[lg policy] The English: a people without a history?

Harold Schiffman hfsclpp at GMAIL.COM
Mon Mar 15 13:45:00 UTC 2010

The English: a people without a history?
 Michael Collins, 12 March 2010
About the author

Michael Collins is lecturer in twentieth century British history at UCLA

According to A. J. P. Taylor, in 1934 Oxford University Press
commissioned its History of England series on the basis that ‘England’
was still “an all-embracing word”. It meant “indiscriminately England
and Wales; Great Britain; the United Kingdom; and even the British
Empire” (A. J. P. Taylor, English History, 1914-1945, OUP 1965).
Looking back from the 1960s, AJP still believed this to be the
appropriate historiographical perspective to take, and in private
correspondence he made this very clear. “I am obsessed with England”,
he wrote to his editor G. N. Clark in 1961, “to hell with Scotland,
Northern Ireland and still more the Empire!!” (A. J. P. Taylor to G.
N. Clark: 20 May 1961, Clark Papers, Bodleian Library, Oxford, MSS Box
30.). One wonders if he thought Ireland even worth sending to hell.

Taylor never sought to conceal his Anglocentrism. He revelled in it.
But having penned the fifteenth volume of the History of England
series, he was far from being alone in assuming that England – its
people, economy, government and monarchy – provided the central
storyline for the history of these islands. The assumptions of English
dominance inherent in J. R. Seeley’s famous lectures on The Expansion
of England have resonated across the last century of historical
writing. In fact, although a follow up series to the one begun in 1934
was commissioned by OUP – with the first volume appearing in 1992 –
the editors still plumped for the title New Oxford History of England.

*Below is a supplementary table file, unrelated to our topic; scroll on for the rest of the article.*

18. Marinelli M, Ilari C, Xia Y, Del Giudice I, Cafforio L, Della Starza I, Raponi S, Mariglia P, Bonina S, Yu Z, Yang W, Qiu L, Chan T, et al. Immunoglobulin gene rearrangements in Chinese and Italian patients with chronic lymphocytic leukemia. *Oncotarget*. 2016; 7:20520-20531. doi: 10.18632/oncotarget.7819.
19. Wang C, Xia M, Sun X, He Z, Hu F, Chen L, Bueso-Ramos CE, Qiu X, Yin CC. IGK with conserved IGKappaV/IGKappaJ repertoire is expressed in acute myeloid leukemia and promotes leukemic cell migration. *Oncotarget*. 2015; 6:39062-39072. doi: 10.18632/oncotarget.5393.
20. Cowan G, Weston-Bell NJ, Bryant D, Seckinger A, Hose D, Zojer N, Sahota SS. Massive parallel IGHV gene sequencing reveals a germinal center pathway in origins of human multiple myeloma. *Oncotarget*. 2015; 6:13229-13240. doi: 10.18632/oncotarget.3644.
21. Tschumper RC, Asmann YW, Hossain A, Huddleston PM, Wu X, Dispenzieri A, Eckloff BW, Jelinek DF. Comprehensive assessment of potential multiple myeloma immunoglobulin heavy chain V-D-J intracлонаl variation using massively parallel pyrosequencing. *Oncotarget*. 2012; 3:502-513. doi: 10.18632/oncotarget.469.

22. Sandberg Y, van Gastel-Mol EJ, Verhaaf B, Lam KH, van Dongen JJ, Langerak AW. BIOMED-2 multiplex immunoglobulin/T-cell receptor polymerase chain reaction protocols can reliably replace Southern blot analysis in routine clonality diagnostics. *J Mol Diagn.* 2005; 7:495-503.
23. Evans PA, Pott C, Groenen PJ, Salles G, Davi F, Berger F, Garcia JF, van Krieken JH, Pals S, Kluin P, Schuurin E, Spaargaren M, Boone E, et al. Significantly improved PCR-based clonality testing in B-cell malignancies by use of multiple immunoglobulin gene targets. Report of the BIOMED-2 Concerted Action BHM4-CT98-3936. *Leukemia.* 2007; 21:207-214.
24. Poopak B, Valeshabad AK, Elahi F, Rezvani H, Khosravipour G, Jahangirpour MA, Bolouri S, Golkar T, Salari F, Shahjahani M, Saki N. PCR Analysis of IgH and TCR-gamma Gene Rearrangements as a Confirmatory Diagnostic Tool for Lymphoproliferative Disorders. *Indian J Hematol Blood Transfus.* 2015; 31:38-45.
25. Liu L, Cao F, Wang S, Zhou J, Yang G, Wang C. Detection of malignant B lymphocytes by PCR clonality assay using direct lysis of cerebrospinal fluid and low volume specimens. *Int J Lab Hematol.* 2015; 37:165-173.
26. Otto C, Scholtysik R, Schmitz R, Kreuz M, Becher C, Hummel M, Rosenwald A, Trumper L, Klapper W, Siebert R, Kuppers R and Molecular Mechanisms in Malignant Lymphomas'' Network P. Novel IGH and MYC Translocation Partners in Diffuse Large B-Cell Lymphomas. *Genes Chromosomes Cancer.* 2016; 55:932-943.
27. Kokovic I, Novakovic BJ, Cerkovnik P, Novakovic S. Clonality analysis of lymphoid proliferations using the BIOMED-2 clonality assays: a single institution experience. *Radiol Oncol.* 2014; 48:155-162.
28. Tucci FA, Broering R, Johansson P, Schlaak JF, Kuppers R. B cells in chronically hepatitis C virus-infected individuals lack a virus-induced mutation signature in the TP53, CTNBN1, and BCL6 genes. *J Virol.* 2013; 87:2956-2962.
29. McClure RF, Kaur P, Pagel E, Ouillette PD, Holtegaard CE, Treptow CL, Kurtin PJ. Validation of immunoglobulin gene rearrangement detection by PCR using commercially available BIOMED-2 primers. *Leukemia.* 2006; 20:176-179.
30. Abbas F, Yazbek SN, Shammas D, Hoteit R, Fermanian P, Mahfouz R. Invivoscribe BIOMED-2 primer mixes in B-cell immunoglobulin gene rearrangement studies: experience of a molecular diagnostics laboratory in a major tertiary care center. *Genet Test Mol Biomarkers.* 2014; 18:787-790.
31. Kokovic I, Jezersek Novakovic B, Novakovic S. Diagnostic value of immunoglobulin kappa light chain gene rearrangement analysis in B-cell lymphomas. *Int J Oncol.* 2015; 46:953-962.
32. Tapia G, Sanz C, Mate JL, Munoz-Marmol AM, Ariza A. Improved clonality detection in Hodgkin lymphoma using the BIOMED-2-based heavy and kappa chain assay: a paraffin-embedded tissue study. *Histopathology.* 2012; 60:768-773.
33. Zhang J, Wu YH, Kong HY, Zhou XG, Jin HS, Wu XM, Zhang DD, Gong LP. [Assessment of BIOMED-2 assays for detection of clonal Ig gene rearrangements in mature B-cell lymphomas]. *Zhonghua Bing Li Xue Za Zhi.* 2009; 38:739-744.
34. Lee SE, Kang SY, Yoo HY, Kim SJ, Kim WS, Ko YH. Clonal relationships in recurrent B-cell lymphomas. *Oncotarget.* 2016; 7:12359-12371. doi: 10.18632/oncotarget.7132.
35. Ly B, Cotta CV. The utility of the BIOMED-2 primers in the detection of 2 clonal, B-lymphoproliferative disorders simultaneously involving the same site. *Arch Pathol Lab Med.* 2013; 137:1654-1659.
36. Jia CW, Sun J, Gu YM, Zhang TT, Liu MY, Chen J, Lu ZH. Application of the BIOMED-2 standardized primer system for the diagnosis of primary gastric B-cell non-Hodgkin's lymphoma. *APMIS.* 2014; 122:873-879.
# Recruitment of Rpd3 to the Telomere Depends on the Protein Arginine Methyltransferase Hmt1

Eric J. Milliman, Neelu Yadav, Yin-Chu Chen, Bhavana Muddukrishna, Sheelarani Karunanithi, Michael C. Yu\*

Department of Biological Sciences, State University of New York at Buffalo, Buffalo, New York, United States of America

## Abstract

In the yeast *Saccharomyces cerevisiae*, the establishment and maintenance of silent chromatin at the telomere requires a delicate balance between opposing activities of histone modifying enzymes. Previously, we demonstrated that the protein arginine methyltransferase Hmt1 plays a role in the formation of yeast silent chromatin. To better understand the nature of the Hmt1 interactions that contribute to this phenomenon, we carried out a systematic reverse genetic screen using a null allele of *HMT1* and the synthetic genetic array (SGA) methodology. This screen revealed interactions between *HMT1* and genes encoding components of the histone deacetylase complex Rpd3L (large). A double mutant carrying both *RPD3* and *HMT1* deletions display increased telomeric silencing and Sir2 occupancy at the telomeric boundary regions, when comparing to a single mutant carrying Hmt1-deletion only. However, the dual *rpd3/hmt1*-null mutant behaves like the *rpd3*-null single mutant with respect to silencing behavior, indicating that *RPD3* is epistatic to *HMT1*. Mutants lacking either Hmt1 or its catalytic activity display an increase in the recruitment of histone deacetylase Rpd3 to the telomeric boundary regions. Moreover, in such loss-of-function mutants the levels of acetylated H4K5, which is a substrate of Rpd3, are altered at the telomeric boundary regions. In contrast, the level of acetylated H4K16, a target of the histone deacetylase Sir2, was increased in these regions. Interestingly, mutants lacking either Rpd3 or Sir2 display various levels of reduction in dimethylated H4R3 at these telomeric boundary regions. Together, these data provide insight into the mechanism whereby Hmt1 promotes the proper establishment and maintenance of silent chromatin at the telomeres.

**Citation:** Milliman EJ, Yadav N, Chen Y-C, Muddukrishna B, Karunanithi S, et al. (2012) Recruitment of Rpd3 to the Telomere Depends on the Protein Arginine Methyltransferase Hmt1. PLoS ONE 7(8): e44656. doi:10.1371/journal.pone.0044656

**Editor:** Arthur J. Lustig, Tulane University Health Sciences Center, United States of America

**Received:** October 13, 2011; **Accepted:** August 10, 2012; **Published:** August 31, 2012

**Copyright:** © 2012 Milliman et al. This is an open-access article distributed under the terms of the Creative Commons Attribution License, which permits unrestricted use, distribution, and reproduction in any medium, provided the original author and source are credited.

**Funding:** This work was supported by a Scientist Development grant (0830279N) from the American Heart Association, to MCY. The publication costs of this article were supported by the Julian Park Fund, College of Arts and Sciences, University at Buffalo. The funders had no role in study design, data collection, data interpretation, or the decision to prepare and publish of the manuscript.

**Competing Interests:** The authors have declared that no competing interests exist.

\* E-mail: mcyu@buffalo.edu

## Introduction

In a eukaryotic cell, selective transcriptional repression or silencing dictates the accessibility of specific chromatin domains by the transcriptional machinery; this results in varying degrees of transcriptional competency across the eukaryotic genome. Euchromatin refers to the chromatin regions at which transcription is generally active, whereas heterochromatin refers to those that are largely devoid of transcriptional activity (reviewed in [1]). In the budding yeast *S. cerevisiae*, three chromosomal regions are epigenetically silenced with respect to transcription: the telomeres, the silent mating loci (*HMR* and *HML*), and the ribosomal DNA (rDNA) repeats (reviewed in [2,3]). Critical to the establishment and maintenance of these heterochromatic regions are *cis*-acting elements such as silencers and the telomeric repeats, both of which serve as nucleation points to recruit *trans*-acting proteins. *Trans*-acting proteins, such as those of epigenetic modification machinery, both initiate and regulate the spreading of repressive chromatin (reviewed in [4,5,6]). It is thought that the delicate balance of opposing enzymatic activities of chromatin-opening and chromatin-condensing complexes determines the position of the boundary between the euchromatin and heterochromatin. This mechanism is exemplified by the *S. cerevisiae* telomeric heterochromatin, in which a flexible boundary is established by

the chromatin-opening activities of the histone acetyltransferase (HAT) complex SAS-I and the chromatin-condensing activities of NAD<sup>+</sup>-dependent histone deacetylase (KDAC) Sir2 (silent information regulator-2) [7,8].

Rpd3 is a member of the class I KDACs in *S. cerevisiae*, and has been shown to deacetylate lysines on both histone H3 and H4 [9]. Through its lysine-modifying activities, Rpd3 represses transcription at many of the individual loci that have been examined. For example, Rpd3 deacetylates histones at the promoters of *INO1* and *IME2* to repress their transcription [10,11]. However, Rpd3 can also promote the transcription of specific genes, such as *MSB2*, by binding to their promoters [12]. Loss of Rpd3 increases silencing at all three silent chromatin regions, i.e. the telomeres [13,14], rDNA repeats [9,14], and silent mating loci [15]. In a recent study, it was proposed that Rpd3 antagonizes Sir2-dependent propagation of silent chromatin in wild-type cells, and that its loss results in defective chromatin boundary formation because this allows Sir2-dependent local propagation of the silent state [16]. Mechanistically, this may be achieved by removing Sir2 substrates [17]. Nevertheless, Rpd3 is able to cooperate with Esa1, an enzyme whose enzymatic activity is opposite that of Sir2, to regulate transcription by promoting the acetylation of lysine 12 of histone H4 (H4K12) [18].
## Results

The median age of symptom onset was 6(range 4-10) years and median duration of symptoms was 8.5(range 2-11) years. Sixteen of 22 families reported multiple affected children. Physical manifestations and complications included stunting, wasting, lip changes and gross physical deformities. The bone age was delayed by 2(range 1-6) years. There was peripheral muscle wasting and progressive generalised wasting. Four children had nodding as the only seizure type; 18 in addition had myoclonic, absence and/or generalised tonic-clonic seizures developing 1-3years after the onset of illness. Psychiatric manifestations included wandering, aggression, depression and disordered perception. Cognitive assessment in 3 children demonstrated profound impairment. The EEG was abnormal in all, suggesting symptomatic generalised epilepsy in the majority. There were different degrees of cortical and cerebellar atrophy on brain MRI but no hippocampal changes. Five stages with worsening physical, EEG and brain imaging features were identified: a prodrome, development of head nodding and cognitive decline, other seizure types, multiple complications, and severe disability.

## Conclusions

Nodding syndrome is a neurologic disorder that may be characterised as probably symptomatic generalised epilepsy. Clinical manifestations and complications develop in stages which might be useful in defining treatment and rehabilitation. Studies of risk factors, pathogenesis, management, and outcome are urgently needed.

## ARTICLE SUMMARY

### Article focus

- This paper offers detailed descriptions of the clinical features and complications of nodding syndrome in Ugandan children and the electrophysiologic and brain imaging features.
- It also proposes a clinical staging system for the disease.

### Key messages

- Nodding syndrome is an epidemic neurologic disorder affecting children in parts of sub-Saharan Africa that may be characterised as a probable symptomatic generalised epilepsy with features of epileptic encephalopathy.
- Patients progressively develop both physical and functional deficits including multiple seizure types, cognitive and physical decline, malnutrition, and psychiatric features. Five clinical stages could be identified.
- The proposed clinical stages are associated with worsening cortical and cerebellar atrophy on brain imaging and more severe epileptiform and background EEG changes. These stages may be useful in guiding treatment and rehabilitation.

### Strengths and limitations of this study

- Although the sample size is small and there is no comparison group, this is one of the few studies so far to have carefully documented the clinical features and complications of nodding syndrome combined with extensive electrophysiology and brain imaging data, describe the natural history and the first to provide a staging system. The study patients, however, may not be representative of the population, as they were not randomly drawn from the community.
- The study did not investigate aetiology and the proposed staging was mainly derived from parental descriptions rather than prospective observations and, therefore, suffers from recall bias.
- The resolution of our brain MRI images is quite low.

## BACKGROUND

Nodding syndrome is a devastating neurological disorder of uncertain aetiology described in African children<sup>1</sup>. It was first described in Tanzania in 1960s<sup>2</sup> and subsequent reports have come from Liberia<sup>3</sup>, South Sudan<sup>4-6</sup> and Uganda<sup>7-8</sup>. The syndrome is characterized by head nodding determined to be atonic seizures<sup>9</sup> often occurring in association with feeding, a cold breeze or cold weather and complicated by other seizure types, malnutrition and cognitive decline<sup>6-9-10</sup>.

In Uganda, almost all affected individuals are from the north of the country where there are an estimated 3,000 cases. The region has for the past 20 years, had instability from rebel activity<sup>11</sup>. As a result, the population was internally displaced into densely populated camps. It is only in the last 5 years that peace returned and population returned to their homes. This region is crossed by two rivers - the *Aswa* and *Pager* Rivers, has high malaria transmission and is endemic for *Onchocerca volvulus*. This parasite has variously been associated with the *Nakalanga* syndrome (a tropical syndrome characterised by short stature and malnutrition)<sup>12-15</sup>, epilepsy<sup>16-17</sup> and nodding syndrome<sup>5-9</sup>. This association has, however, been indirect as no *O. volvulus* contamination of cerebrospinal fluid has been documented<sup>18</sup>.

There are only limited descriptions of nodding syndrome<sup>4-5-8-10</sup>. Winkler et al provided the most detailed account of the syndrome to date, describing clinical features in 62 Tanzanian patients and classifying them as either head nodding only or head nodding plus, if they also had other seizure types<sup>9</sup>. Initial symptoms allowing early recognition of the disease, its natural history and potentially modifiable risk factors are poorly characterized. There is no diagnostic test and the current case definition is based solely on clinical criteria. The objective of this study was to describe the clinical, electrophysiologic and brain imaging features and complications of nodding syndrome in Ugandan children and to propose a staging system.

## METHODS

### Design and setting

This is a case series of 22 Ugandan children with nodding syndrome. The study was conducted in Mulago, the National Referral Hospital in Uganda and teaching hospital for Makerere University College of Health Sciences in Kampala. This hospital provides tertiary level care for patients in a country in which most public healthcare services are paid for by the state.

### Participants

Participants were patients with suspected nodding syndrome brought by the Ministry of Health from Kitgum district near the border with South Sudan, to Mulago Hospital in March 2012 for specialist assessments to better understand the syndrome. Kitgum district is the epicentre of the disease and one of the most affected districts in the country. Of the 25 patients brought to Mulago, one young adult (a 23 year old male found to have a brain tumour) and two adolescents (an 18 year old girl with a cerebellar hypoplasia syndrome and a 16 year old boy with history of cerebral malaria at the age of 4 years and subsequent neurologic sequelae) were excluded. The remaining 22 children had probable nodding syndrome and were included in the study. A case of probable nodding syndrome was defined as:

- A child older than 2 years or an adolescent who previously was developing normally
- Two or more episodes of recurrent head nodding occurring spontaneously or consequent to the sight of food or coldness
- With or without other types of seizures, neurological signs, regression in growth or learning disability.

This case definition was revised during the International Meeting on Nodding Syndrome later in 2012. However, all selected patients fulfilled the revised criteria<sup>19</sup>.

Professor Brian Harrison’s Finding a Role? The United Kingdom,
1970-1990 is the latest volume in that series, and – as the title
implies – the story of the United Kingdom is central to the period in
question, covering as it does the beginnings of the ‘troubles’ in
Northern Ireland, the development of Scottish and Welsh nationalism
and the entry of the UK into the EEC in a supposedly post-imperial
age. Harrison’s book provides an admirable synthesis of the cultural,
social, economic and political history of the period, but this is not
‘four nations’ history. Although the constituent parts of the UK do
feature, England remains the central reference point.

For many professional historians then, England has, and often
continues to be the primary historical mover and shaker in the history
of these islands, and hence by implication the history of the
expansion and contraction of the British Empire. This is unsurprising,
for the historical profession in some sense owes a great debt to the
national dimension of history writing. Leopold von Ranke, the ‘founder
of the science of history’, often took the history of nations as his
reference point. In the nineteenth century and beyond, the musings and
memoirs of national elites and the politics of the nation-state
constituted the historical archive, and in an important sense
constituted the historical discipline as unified field of inquiry.

Much has changed since then. There are possible narratives about the
history of these islands which go beyond national frameworks of
analysis towards a new transnational history: narratives of exchange,
of contact, of interaction, of ‘gains’ and ‘losses’ to be measured not
on a balance sheet, but by the traces they have left behind, the
legacies they have left for our present. A great deal of work has
already been done, and yet arguably we still have only a very limited
understanding of the ways in which the history of empire has shaped
our politics, culture, economy and society. But this raises the